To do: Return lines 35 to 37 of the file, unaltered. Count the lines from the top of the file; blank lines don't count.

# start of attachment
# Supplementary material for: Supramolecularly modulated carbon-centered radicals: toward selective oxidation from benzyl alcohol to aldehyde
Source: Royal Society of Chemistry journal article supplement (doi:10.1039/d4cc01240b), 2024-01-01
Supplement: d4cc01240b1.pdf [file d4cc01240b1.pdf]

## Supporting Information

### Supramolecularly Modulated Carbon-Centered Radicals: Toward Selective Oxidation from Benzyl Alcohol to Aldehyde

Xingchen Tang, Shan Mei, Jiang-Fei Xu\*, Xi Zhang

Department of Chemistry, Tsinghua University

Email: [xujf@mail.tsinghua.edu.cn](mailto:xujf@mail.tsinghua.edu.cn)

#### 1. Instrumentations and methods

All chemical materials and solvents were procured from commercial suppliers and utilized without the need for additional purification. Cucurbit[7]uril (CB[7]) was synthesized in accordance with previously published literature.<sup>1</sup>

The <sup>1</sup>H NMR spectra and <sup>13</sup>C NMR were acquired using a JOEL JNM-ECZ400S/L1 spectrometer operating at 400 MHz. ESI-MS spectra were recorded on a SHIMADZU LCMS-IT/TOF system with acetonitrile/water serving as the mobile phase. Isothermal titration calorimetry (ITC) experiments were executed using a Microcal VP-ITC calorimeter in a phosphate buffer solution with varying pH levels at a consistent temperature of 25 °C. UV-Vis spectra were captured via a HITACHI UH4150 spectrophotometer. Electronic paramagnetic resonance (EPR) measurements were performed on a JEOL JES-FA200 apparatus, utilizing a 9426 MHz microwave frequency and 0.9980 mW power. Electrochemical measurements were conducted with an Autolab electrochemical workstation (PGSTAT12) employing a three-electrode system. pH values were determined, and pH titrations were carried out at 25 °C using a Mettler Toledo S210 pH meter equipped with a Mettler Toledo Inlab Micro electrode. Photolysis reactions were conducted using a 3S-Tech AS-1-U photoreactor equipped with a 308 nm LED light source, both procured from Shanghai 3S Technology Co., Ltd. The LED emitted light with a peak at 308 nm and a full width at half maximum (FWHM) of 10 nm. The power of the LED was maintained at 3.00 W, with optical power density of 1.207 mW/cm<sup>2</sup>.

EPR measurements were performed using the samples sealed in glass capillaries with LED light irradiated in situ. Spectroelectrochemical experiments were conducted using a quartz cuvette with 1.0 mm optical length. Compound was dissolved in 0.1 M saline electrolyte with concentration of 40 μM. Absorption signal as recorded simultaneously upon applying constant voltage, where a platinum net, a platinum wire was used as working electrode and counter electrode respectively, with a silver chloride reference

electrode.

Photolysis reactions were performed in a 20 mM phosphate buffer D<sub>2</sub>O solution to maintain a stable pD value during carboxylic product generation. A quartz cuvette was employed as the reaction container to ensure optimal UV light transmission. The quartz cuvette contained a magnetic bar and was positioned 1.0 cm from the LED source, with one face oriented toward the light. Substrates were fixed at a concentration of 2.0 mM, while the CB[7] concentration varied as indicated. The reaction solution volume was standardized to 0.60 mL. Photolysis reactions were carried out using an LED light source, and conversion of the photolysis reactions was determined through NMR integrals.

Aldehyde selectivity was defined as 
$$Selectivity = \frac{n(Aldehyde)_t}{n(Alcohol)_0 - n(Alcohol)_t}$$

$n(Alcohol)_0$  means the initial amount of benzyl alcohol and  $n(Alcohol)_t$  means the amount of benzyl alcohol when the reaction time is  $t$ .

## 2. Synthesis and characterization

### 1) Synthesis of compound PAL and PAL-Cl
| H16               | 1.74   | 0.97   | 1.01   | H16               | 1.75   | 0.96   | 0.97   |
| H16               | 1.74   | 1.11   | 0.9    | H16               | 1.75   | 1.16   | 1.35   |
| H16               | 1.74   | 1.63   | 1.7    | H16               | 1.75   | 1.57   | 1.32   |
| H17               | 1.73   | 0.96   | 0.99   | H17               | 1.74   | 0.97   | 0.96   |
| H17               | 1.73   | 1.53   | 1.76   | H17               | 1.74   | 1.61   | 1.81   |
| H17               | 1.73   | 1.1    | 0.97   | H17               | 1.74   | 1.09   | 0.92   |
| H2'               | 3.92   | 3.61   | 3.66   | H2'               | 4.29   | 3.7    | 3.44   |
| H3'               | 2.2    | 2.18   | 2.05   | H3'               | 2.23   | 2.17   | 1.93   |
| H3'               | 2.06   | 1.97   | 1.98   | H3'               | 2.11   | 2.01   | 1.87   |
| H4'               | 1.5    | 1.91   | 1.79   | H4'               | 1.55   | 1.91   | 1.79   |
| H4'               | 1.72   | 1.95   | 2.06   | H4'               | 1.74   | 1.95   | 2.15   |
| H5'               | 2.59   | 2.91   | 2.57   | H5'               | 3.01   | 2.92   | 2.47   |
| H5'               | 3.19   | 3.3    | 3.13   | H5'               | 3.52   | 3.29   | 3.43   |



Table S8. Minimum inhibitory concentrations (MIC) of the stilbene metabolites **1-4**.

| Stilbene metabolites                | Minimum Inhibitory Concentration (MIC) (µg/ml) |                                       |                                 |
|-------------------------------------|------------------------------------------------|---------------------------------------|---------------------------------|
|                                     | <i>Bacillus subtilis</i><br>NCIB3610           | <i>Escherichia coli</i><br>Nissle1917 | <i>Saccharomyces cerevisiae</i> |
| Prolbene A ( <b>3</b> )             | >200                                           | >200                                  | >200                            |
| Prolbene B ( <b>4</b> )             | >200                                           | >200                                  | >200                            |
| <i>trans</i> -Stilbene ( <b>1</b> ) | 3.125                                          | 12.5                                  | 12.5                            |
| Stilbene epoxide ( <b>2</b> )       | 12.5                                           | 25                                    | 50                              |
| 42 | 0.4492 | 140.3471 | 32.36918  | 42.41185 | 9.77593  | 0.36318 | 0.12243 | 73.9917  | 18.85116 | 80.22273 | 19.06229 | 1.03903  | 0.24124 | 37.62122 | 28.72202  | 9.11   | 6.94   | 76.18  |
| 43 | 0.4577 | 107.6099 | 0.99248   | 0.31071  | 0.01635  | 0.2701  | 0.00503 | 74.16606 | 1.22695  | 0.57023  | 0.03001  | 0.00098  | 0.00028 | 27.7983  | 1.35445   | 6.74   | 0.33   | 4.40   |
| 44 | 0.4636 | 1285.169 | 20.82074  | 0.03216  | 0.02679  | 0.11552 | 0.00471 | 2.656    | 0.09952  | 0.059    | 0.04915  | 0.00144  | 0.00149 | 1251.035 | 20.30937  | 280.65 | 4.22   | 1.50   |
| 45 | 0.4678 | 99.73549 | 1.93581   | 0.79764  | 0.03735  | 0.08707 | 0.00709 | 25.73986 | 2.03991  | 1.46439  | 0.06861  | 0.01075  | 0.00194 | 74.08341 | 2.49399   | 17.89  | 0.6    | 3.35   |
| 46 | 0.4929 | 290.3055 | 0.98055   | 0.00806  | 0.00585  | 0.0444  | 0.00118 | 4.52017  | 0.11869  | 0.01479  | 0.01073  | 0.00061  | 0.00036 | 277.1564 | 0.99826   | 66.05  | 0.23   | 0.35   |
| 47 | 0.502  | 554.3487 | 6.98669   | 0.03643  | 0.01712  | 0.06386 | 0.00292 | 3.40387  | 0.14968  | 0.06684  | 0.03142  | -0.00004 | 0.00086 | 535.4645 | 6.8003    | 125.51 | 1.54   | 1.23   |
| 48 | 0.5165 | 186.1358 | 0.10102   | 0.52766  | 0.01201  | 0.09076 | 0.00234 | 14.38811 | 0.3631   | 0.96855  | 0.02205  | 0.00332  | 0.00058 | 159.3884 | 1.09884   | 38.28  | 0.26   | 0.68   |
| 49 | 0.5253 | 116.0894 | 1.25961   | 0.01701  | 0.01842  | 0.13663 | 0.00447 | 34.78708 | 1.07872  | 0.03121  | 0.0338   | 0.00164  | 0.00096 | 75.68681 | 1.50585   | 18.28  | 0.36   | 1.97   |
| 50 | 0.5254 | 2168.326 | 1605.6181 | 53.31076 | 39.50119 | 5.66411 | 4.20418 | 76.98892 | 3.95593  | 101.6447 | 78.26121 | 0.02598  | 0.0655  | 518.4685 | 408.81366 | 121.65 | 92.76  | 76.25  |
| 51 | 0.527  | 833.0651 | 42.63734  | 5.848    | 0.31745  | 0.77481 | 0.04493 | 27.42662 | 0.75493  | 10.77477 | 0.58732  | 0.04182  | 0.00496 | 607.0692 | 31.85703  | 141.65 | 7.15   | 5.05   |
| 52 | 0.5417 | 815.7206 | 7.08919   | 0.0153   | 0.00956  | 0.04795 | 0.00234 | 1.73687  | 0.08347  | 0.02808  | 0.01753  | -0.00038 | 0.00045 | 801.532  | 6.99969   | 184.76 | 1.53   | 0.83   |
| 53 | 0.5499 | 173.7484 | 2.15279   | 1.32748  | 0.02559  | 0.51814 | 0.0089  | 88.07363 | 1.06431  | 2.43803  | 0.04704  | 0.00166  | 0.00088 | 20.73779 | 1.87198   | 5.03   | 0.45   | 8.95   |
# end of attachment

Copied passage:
|-------------------------------------|------------------------------------------------|---------------------------------------|---------------------------------|
|                                     | <i>Bacillus subtilis</i><br>NCIB3610           | <i>Escherichia coli</i><br>Nissle1917 | <i>Saccharomyces cerevisiae</i> |
| Prolbene A ( <b>3</b> )             | >200                                           | >200                                  | >200                            |